New Delhi: Apollo Tyres Ltd on Wednesday reported a 46% rise in quarterly profit, almost in line with expectation, but warned softening demand could hurt profit in coming quarters.
Apollo’s July-September consolidated profit rose to Rs77.7 crore on strong volumes as car and truck owners continued to replace tyres even though demand for new cars softened. Sales rose 47% to Rs2,870 crore.
A Reuters poll of analysts had forecast net profit jump of 48% to Rs78.7 crore on a sales of Rs2,760 crore.
“Concern is certainly lower on rubber now, but we also have a situation where demand has slowed down,” Apollo’s chief financial officer Sunam Sarkar told Reuters by telephone.
A raging rubber rally, which had been hurting margins at tyre makers for the past many quarters, has now come off and the price of natural rubber that makes up more than 40% of the cost of a tyre dropped to a 8-month low on Wednesday in India.
Rubber prices in India are still far higher than global levels, Sarkar said, adding that Apollo was not looking at cutting tyre prices in the October-December quarter.
The operating margin remained flat at 8.4% from a year ago and was lower from 8.8% in the June-quarter.
There is a ‘distinct possibility’ of margin expansion in January-March as rubber prices continue to fall, but the new headache of slowing demand may ‘complicate things,’ said Sarkar.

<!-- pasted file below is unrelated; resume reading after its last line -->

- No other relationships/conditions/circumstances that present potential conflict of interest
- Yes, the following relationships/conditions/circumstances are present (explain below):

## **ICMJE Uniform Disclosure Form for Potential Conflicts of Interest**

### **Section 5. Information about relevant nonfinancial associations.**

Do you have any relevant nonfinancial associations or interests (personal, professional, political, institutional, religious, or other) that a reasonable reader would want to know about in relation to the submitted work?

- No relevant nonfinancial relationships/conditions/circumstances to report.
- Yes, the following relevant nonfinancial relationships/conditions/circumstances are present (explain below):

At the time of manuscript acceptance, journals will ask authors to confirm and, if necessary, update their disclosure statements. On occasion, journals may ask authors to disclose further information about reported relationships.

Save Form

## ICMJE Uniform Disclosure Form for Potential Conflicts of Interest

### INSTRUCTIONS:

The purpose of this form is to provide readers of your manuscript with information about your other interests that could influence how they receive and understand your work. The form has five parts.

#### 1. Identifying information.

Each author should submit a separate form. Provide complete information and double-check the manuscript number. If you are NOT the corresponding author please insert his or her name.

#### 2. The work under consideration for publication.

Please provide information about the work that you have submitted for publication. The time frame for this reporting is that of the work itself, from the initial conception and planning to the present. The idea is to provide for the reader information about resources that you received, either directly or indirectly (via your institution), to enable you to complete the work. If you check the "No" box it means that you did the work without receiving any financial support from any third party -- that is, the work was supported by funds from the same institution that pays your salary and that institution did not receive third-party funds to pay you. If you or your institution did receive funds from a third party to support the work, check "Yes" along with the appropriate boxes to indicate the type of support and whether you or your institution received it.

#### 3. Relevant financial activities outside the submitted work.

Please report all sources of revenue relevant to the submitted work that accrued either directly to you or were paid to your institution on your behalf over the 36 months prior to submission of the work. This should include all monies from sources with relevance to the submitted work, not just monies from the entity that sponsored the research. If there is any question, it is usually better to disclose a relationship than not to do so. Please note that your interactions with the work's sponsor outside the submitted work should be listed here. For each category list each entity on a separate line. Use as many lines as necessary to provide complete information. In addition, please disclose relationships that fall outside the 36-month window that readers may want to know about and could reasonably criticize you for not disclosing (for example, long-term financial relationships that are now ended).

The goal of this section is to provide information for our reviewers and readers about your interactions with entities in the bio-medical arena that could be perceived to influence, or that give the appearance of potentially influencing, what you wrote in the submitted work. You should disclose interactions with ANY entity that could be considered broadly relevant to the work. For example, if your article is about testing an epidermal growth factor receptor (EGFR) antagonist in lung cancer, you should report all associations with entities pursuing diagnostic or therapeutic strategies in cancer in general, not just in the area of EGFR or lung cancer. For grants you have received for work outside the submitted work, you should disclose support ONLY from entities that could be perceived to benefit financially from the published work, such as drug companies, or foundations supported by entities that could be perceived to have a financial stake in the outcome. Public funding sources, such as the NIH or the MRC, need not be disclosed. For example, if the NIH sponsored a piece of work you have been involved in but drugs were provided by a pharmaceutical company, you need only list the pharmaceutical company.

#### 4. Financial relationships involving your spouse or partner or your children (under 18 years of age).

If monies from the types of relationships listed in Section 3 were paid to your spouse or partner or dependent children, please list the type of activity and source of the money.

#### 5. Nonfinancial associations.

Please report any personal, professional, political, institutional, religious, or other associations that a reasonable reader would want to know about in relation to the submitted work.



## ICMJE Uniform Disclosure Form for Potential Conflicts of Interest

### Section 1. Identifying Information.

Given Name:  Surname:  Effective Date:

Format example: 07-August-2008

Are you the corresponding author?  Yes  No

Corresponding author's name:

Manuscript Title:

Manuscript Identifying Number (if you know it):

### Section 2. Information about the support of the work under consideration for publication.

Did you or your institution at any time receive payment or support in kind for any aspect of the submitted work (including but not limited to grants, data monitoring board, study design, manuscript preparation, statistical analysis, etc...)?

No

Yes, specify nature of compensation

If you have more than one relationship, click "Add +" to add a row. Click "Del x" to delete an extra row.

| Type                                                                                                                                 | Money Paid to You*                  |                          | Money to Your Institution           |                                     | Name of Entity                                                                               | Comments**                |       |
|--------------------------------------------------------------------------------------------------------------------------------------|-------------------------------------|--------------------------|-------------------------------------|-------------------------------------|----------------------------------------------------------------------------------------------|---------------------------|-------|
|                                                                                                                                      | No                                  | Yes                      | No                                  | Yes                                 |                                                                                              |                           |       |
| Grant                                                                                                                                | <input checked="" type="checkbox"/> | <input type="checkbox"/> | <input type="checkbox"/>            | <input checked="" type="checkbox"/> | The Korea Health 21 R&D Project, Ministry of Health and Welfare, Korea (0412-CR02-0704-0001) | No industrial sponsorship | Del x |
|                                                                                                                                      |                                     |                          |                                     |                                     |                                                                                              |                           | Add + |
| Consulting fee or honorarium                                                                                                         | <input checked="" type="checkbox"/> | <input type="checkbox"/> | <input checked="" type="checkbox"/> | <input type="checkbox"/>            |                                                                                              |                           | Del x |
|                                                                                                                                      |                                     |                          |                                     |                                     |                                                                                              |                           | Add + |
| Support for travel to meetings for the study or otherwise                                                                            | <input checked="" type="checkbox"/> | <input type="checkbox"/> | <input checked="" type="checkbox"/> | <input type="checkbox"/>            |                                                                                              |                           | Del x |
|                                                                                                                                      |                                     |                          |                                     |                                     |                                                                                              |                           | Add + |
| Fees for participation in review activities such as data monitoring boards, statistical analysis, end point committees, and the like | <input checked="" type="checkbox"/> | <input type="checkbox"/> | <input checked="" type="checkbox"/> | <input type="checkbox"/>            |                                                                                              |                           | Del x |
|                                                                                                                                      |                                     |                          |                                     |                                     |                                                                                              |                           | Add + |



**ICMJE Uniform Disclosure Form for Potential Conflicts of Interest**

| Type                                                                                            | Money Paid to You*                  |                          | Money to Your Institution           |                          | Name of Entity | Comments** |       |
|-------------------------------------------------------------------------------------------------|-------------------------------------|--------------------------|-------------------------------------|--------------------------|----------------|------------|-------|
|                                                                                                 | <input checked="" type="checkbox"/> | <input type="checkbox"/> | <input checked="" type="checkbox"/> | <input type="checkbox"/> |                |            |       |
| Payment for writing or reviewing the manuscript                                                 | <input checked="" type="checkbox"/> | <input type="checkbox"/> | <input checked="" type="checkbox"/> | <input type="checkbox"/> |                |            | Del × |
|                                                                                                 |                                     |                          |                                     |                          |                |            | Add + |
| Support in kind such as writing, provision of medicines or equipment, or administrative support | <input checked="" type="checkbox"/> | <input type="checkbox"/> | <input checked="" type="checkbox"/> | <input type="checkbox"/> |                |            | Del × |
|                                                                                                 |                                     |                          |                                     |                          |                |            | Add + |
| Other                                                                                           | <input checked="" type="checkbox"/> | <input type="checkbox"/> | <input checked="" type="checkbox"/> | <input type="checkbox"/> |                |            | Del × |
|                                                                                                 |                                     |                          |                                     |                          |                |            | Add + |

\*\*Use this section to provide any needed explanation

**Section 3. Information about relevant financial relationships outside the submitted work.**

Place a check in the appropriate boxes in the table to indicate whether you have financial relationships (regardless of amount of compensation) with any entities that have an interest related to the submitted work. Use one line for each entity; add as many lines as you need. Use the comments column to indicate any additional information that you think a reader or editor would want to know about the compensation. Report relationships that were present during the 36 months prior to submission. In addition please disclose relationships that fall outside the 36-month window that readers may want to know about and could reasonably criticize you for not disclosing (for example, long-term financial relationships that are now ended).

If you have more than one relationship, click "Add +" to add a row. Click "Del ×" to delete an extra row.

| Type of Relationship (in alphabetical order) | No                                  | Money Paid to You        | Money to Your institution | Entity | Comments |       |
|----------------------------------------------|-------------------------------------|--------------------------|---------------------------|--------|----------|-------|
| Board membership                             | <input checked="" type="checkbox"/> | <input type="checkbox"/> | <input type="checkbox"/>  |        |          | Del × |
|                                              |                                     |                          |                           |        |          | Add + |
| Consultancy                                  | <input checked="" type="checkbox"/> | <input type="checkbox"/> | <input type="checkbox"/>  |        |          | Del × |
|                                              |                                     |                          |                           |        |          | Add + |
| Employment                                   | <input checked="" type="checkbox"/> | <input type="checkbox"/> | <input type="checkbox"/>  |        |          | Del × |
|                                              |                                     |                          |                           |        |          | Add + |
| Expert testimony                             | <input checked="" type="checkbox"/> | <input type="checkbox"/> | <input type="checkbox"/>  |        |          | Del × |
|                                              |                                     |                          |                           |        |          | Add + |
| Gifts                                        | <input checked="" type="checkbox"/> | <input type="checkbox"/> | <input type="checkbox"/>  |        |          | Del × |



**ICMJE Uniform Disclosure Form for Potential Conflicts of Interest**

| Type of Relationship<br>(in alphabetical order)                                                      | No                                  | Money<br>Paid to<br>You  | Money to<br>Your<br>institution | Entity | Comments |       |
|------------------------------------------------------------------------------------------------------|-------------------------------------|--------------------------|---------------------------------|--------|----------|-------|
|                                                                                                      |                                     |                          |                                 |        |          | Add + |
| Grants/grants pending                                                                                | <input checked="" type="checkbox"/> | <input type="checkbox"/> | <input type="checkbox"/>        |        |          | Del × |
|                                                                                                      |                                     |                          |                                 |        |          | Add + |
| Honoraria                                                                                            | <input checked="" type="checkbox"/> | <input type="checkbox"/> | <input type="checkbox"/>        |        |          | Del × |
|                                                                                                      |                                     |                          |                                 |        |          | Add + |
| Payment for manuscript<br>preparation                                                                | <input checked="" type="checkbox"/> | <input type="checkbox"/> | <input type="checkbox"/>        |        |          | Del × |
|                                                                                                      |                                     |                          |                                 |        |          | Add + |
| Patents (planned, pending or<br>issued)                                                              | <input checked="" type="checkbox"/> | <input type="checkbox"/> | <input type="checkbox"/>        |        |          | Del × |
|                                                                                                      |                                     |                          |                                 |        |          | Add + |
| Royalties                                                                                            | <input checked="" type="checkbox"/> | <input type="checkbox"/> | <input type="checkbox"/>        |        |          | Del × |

Declining car sales has dented demand for tyres in India and its output growth is expected to almost halve this fiscal year to 12%.
Car sales fell 23.8% in October, the biggest monthly drop since December 2000, but sales of commercial vehicles rose 18.5%.
Car sales have been on a decline since July, after rising a breakneck 30% in 2010-11, as rising interest rates and fuel prices squeezed demand from buyers, who largely depend on credit for purchase in the Asia’s third-largest economy.
The Reserve Bank of India has raised rates 13 times since March 2010 to tame a stubbornly high inflation and cool off the economy.
India makes up for about two-thirds of Apollo’s revenue. Slowing industrial output and curbs on mining has softened demand for truck tyres in India, Sarkar said. Truck tyres contribute 60% to India and half of its global sales.
Strong replacement demand and new product launches have driven sales in the Europe, while demand situation is challenging in South Africa, Sarkar said.
At 3:24 pm, shares in Apollo Tyres, valued at $616 million, were trading 0.84% lower at Rs59.40 on Wednesday in a Mumbai market that was down 1.16%.
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